SS: As in most of my novels, there are two plot lines running parallel and simultaneously—the plot on the surface, and the invisible plot. You know how one will turn out, but hopefully the other will give you a surprise.

MPSB: How did you decide how much of Shakespeare to quote in the book?

SS: There’s only one direct homage to the Bard, when a certain character speaks a line lifted directly from Julius Caesar. I reveal the details of that in Author’s Note. It’s a line that works one way in Shakespeare’s play, and a different way in my version, so it’s loaded with irony, and one of many in-jokes sprinkled throughout the book that may amuse history buffs and Shakespeare lovers.

MPSB: Let’s back up now. Why did you start writing novels about Ancient Rome in the first place?

SS: I give a great amount of credit to the sword-and-sandal movies of my childhood, chief among them Cleopatra, written and directed by the great Joseph Mankiewicz. The tale of Caesar, Antony, and Cleopatra became one of the central myths of my imagination. The assassination scene in that movie is pure cinematic genius, unforgettable. I went on to study Classics and history at UT Austin, and then years later had the idea to turn Cicero’s first murder trial into a crime novel; that became Roman Blood. The book found a readership, and I suddenly had a whole career ahead of me.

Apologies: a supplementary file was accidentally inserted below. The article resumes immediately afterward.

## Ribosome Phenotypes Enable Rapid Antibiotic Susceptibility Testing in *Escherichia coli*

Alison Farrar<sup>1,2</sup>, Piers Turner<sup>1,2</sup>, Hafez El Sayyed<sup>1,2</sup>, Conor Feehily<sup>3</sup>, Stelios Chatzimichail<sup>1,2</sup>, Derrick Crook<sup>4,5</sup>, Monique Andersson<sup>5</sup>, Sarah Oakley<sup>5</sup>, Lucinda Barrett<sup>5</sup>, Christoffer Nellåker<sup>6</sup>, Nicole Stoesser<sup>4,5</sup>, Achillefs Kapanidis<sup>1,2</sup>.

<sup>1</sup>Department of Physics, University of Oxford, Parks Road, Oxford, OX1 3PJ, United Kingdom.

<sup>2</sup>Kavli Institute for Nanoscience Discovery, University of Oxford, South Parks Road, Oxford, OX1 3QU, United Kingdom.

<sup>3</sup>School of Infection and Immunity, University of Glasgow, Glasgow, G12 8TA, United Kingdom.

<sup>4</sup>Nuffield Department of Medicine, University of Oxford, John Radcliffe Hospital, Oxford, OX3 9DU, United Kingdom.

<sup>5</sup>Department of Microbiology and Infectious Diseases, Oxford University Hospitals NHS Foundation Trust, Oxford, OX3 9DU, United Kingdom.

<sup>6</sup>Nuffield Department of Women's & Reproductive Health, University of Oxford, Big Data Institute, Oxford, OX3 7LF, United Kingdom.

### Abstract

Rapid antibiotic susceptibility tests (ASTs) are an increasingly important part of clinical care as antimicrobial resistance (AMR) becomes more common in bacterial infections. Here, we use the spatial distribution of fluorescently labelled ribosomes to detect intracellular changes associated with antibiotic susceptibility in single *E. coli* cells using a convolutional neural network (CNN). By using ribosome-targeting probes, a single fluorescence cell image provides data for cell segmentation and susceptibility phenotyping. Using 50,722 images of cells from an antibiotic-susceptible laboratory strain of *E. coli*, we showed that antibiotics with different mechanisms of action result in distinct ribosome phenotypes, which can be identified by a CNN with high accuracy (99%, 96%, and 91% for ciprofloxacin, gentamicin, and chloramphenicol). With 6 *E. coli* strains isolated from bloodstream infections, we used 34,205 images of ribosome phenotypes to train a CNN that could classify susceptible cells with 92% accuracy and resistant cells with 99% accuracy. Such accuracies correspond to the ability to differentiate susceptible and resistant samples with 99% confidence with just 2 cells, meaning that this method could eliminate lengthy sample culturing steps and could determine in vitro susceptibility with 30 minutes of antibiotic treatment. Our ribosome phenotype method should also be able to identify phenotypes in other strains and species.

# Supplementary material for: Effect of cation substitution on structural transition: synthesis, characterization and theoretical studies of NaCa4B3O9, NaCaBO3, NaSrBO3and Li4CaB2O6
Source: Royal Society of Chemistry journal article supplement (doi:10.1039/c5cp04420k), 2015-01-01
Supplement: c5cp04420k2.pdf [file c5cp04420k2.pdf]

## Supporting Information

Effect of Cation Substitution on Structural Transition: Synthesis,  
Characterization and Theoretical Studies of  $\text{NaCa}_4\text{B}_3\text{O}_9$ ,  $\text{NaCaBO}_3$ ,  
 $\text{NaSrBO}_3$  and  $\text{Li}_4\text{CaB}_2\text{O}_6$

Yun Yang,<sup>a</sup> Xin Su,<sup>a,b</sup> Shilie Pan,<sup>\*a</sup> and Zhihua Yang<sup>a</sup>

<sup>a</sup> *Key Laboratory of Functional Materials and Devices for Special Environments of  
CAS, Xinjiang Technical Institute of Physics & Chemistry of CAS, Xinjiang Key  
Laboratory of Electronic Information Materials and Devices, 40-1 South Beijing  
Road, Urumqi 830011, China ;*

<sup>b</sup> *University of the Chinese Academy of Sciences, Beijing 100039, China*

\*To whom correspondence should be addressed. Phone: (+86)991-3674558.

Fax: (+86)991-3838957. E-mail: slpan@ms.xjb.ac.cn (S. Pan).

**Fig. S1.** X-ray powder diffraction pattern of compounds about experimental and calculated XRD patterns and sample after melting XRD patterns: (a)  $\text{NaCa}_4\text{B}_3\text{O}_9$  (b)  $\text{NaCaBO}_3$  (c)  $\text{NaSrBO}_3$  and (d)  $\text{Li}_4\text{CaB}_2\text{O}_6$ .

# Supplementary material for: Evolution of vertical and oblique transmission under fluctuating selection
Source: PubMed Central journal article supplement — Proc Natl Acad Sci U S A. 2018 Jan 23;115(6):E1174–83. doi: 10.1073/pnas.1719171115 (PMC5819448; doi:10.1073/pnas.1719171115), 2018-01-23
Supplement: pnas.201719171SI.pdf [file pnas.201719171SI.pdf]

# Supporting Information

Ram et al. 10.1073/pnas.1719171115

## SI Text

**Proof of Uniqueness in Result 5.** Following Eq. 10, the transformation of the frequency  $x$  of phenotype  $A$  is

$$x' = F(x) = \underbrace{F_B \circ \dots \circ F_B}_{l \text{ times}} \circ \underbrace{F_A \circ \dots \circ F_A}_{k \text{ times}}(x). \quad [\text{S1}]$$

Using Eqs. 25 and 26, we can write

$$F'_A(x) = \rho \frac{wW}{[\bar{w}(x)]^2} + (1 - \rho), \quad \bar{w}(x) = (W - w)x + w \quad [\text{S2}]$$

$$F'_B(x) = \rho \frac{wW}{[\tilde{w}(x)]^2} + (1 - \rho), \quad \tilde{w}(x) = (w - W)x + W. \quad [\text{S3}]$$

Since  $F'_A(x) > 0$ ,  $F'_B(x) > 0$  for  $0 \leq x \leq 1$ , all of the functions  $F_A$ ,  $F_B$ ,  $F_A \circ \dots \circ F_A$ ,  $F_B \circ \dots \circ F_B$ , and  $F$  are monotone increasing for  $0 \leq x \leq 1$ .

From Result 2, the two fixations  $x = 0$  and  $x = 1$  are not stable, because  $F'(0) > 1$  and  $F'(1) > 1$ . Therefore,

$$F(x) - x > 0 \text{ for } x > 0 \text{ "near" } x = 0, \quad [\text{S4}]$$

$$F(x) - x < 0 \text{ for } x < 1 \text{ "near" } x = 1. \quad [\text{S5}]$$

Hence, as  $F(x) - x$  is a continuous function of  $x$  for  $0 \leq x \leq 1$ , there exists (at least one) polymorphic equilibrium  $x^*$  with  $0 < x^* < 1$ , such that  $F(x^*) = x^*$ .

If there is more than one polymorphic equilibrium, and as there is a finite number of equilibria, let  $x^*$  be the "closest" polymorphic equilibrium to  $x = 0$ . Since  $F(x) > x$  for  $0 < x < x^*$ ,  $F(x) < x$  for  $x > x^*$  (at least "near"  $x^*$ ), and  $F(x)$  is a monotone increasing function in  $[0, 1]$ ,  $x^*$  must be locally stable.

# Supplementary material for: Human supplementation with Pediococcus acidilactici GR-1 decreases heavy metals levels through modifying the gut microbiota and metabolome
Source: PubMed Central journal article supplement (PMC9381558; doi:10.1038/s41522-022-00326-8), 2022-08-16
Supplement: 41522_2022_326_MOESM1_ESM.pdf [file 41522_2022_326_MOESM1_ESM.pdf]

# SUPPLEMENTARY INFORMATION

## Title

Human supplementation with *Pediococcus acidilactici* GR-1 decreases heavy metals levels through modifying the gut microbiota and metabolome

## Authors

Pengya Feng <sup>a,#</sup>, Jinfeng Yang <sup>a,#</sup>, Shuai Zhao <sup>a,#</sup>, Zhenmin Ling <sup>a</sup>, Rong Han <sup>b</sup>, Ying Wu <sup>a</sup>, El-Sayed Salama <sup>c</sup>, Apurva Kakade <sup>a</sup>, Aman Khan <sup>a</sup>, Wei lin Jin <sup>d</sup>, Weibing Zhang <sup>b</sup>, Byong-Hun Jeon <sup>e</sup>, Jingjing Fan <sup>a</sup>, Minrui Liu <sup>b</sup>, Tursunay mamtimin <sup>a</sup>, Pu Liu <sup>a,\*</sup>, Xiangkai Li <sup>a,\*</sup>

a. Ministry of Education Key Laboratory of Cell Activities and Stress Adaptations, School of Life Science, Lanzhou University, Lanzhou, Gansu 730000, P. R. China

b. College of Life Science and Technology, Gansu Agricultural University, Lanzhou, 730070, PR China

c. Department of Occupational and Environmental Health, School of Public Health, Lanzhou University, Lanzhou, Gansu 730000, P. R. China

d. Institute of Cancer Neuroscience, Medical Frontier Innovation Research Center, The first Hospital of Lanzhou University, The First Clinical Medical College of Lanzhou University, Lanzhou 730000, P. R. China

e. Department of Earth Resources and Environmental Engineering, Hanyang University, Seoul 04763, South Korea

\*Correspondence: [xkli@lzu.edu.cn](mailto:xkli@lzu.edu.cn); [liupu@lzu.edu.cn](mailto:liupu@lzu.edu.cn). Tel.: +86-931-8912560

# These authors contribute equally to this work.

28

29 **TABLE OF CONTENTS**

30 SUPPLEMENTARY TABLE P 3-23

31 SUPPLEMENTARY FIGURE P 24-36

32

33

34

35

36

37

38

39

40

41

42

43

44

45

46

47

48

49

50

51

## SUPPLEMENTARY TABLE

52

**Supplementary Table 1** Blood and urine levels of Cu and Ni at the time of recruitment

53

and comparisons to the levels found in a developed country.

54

MPSB: Why did you decide to write erotic thrillers under a different name, Aaron Travis?

SS: That was back in my slacker twenties, which are a bit of a blur now. Hormones ruled my life, and the erotic was my muse. I’ve kept those works available in e-editions for the discerning connoisseur, but I must warn readers that they are not for the faint of heart.